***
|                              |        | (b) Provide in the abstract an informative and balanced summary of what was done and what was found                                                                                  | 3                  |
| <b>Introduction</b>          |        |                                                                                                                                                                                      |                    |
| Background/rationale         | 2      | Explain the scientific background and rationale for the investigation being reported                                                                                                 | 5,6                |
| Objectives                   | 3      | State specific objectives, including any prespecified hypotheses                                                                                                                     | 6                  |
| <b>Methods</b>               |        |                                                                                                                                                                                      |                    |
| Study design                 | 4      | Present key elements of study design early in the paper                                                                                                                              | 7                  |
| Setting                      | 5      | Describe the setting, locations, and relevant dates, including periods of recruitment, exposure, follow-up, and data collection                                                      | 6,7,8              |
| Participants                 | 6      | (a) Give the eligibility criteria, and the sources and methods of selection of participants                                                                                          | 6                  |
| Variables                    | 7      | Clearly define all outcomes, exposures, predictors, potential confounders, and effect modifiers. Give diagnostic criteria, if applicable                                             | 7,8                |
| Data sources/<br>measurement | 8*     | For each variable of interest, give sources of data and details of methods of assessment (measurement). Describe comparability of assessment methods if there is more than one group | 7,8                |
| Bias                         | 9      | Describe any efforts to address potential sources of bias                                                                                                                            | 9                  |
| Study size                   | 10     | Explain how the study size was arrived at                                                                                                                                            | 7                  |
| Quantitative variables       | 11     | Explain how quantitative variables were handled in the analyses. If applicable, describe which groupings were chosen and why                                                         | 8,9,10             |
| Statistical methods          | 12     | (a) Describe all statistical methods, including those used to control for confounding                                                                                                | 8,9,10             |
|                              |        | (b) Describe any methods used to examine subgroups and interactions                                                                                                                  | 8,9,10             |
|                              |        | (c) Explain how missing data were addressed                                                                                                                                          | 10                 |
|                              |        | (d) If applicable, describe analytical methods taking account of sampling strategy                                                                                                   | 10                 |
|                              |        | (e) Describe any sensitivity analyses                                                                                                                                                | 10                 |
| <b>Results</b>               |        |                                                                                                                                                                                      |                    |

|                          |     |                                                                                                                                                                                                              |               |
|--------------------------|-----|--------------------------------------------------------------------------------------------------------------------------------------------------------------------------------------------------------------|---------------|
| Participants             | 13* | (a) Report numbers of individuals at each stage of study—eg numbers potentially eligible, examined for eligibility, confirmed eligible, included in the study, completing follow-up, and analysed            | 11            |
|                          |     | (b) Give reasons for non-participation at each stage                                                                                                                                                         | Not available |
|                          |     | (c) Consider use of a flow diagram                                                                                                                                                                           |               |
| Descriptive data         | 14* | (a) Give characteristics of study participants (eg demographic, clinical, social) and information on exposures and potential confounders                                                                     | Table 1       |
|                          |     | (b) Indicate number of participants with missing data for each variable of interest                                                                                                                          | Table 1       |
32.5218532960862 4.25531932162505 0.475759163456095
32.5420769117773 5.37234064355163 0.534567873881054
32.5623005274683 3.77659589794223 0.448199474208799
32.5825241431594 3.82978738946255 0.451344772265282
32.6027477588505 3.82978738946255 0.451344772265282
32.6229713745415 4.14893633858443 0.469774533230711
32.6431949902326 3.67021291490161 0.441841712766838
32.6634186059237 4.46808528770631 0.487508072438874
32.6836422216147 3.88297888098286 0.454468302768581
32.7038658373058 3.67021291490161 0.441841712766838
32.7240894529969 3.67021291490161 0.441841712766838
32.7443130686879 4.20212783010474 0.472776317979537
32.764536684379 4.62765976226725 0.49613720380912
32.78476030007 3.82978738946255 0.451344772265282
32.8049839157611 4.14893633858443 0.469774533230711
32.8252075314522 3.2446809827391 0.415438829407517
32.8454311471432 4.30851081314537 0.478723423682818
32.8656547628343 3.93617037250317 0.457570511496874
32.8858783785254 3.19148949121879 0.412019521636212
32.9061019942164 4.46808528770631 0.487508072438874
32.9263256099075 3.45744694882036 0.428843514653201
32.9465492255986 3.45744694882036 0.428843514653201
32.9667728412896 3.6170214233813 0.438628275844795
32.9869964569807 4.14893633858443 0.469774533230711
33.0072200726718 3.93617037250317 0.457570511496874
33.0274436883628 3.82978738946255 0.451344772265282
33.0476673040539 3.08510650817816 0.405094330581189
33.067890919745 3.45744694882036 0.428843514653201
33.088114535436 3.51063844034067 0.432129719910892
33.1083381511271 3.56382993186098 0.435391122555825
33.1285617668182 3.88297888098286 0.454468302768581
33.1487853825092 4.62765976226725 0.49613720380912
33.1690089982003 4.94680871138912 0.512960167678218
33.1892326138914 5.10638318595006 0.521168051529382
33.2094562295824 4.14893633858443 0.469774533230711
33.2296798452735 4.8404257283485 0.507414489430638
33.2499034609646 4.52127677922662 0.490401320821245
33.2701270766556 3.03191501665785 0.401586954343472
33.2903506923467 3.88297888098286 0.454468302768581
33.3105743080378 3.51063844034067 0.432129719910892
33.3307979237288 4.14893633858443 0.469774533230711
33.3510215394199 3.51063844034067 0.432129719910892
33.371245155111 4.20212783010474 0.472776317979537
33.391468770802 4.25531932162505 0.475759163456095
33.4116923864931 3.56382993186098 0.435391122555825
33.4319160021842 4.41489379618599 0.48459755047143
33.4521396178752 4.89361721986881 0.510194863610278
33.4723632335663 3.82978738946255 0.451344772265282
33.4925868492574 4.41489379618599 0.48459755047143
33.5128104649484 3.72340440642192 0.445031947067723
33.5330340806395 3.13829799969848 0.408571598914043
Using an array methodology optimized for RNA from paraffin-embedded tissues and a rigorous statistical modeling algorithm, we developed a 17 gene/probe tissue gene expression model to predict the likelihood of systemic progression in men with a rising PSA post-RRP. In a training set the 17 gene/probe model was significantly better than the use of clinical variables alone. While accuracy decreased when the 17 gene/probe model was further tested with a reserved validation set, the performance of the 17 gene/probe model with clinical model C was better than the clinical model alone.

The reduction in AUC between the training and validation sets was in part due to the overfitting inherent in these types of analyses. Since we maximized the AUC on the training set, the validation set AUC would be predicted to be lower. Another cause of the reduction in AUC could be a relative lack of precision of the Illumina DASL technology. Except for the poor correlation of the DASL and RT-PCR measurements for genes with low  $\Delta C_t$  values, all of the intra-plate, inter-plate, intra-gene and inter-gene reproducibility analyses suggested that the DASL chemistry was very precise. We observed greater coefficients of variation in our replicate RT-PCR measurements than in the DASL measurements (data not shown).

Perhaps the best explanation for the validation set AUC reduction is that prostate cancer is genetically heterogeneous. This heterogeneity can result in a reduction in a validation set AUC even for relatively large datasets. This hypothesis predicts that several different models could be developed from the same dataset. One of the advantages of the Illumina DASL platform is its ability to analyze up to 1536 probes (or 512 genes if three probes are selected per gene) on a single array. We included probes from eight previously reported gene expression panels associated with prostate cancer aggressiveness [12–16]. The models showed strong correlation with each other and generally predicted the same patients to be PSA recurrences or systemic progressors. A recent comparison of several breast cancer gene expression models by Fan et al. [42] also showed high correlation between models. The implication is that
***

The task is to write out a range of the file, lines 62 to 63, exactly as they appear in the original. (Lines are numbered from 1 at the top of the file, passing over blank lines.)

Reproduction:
33.2296798452735 4.8404257283485 0.507414489430638
33.2499034609646 4.52127677922662 0.490401320821245